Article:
Yack performance taps living memories
YACKANDANDAH Theatre Company last week delivered powerful performances of a new collection of locally-written monologues inspired by the lives of Yackandandah Health residents.
The company’s powerful production last year of ‘From here to there’ set the bar for collaborative theatre in which three organisations – Yackandandah Cemetery Trust, Yackandandah Historical Society and the Theatre Company – worked to recreate the lives of six local people from the past whose remains were buried in the cemetery.
It has since worked with the residents of Yackandandah’s innovative health campus for the elderly to create a fresh series of monologues entitled ‘Living Memory’.
Writer-director and Yackandandah teacher Brendan Hogan said the show was a unique collaboration.
“Written, produced and performed by many local artists and musicians, the performance aimed to connect a community with its elders by dramatising the memories of seven residents,” Mr Hogan said.
Writer Beverley Lello said ‘From here to there’ – on which she also worked – had been “a hard act to follow”.
“But by collaborating with Brendan Hogan, Kate Rotherham and Lisa Mason we decided to work with Yackandandah Health and talk to residents and discover significant events in their lives,” she said.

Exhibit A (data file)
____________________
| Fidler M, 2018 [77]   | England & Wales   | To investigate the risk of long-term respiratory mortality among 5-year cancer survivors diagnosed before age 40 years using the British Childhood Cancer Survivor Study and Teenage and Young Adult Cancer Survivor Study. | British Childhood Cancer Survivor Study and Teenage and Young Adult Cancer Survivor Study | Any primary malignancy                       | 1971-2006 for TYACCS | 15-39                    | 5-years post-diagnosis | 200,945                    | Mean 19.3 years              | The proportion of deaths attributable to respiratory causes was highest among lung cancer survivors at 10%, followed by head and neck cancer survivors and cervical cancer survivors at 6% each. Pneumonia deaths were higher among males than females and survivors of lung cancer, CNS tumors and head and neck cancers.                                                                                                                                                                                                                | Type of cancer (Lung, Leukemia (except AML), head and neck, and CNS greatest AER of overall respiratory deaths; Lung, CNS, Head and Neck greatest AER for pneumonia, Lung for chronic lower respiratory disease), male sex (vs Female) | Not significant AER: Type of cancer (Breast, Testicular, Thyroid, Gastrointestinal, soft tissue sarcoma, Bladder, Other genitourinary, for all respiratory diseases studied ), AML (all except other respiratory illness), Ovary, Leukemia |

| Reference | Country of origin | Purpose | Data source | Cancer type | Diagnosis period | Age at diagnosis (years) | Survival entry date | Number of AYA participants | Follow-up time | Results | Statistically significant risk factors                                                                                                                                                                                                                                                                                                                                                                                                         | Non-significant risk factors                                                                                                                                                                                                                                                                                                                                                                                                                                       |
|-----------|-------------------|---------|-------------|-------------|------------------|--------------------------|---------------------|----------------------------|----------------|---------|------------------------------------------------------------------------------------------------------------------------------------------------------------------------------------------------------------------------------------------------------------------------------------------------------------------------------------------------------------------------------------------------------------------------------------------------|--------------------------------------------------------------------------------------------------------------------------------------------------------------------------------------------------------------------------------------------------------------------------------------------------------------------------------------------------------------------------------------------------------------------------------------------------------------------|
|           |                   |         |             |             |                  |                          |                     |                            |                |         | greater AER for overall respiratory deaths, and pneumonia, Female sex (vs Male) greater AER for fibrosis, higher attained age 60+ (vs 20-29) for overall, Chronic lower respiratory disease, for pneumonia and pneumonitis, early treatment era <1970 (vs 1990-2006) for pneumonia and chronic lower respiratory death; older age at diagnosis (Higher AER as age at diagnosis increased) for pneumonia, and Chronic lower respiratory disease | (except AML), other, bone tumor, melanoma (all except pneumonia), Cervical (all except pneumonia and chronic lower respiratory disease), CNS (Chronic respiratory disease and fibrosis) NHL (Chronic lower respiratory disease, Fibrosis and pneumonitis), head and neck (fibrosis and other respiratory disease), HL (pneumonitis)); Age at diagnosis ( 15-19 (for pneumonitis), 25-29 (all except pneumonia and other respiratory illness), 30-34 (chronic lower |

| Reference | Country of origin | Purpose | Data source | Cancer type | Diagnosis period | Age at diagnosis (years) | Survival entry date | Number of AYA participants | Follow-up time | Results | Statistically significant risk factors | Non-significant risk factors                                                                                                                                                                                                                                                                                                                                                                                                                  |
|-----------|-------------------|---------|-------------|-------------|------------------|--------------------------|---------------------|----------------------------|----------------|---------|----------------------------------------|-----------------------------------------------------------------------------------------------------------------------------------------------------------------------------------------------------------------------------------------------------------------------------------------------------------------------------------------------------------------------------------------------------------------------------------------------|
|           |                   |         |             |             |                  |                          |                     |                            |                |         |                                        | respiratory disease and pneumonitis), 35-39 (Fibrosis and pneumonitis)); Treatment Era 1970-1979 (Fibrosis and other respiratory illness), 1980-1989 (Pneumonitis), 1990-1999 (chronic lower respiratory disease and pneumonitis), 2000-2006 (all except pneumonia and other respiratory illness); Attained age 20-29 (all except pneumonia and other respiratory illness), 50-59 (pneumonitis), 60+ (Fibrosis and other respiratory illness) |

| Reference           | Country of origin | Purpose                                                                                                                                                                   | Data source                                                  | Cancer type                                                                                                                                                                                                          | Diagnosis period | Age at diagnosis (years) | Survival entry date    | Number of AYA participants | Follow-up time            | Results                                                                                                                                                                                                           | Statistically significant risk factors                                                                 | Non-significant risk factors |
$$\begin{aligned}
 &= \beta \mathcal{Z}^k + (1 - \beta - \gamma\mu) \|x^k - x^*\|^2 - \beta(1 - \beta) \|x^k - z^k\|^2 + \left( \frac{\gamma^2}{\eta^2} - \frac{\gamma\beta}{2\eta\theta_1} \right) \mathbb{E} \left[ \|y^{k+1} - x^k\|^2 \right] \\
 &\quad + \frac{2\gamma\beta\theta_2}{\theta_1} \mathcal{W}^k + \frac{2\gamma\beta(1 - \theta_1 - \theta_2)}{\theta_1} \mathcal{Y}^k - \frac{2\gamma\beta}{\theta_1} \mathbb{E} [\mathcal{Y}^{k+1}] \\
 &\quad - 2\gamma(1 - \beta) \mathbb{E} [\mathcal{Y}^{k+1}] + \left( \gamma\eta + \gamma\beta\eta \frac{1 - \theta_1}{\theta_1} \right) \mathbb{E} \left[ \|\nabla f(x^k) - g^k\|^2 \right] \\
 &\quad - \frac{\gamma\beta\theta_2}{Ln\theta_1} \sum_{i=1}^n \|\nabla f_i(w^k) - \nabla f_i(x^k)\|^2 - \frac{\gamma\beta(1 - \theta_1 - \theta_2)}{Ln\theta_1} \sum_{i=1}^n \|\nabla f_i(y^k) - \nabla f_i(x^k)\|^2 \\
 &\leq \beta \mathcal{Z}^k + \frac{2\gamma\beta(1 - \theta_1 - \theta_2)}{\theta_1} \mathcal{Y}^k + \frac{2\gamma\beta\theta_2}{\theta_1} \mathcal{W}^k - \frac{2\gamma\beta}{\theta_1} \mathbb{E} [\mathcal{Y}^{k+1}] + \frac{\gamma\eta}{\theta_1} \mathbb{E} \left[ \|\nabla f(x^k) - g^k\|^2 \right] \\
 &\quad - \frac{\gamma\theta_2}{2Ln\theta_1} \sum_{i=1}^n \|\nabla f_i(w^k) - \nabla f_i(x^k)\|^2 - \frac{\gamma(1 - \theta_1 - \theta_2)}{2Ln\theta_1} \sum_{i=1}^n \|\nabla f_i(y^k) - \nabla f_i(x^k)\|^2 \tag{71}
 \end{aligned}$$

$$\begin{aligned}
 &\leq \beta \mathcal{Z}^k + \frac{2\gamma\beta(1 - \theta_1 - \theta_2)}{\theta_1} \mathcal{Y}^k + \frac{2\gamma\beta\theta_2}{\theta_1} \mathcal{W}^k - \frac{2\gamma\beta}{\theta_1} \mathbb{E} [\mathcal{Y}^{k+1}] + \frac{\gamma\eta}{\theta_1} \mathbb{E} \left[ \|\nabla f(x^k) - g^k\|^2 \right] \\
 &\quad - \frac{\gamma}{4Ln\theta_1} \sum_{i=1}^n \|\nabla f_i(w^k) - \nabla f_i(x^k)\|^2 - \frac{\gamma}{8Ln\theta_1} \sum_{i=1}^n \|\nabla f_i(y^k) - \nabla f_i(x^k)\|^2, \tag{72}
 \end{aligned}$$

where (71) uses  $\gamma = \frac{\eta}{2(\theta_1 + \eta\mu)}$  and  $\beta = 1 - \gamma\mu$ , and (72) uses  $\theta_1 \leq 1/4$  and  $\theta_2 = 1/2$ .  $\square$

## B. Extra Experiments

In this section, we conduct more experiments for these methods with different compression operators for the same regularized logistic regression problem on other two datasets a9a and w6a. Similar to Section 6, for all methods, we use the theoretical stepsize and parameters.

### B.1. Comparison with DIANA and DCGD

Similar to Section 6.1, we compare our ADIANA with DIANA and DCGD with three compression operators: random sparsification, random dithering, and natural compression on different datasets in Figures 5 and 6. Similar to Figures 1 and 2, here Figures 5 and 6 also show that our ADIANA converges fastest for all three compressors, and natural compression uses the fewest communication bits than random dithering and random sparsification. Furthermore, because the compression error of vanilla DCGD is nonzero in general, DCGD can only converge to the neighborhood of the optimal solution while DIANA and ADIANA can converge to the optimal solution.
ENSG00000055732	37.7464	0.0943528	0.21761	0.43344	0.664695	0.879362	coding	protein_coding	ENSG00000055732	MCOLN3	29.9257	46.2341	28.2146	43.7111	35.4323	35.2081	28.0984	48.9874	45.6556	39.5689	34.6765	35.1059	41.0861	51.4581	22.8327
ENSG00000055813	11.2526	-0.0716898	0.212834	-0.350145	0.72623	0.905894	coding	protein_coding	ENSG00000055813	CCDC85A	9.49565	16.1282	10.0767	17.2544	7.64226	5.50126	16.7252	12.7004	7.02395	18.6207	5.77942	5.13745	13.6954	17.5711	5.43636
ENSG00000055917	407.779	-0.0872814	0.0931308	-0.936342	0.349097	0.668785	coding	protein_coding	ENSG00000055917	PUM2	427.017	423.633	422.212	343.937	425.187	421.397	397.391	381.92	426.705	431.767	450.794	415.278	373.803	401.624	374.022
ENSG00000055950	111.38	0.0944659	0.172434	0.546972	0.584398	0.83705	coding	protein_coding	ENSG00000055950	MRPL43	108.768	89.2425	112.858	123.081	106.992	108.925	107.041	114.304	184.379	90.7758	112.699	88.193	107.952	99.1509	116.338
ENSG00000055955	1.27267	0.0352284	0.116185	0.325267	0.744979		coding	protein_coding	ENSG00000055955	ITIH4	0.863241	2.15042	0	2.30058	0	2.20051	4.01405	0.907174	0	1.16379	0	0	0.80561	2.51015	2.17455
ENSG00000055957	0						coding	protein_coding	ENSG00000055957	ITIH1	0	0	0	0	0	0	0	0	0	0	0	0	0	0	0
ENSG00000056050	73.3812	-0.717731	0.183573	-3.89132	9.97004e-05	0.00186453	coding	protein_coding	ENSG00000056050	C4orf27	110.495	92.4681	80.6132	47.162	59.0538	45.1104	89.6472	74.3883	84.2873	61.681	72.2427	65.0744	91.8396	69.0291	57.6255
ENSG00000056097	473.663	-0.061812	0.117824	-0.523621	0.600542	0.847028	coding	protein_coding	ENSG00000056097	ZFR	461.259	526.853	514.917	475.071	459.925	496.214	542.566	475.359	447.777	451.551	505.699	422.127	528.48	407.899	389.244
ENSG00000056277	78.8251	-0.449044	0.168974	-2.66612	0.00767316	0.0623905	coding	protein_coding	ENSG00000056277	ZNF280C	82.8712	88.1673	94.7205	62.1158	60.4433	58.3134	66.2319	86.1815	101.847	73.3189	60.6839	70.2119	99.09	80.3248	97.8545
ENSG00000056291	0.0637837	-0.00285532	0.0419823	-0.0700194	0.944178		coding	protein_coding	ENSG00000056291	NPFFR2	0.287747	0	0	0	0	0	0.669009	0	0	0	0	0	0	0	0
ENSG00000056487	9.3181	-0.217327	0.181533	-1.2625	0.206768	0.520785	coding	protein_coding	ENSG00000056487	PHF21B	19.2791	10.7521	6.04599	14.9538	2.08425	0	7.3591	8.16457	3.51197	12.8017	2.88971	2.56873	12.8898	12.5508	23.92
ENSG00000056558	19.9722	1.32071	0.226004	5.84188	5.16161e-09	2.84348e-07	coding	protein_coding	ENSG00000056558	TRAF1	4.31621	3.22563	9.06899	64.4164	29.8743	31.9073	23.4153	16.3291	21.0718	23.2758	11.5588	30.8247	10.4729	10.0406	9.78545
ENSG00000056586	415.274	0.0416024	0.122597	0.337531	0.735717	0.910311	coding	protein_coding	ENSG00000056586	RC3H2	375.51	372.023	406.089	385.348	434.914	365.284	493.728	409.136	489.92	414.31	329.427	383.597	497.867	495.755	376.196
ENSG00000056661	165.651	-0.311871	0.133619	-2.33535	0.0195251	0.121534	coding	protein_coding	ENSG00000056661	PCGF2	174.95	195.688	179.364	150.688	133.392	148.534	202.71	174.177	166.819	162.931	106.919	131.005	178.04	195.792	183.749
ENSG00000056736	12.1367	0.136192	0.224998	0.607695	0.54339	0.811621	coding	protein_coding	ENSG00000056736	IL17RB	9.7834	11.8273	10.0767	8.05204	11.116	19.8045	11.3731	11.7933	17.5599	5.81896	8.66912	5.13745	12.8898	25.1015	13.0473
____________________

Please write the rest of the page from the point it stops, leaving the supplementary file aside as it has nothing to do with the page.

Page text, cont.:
“Some residents are in their nineties and some are over 100.
“They have lived through huge social upheaval and change, surviving the after effects of World War I, the financial hardship of the Great Depression, followed by the trauma of World War II and then the huge changes of the second half of the 20th and into the 21st centuries.
“We started with Albury obstetrician and gynaecologist David Nelson (written and played by Brendan Hogan) who delivered many babies in the region.
“Ninety two year-old Pepita Hodgetts’ story was told as her 10-year-old self (played by Nina Edwards).
“Nina was amazed to discover that until she was 10 Mrs Hodgetts never had her own doll or a new dress – she always had hand me downs because she was the second last child from a family of seven sisters and one brother and they were all very close.
“Rebellious teenager Isabella Robinson (written by Lisa Mason and played by Sophie Colehill) managed to escape a very strict upbringing to become an independent woman.
“Mother of five boys and one daughter, Edie Dryden – now 101 (played by Lisa Mason and written by Kate Rotherham) – remembers a very traumatic time in her life when she had to nurse her only precious daughter and watch her die from rheumatic fever.
“Former policeman Harold McQuilton recalled an incident from his police career and how he married his childhood sweetheart. They were together for 70 years.
“Hazel Fox, who survived an unpleasant marriage, made a very good life for herself and her only daughter, and spent the rest of her life travelling the world.
“An engineer and talented tennis player, Earl Peatt, who has been a resident of Yackandandah Health for 20 years, closed the show with reminiscences about his long life and the remarkable changes that he has seen in his 94 years.”
RECOLLECTION: Pepita Hodgetts with actor Nina Edwards, who played Mrs Hodgetts as a 10-year-old, and character writer Beverley Lello. The cut-out was used to represent Mrs Hodgetts’ seven sisters and her brother.
MEMORY: Edie Dryden, now 101, was characterised by Kate Rotherham (left) and played by Lisa Mason.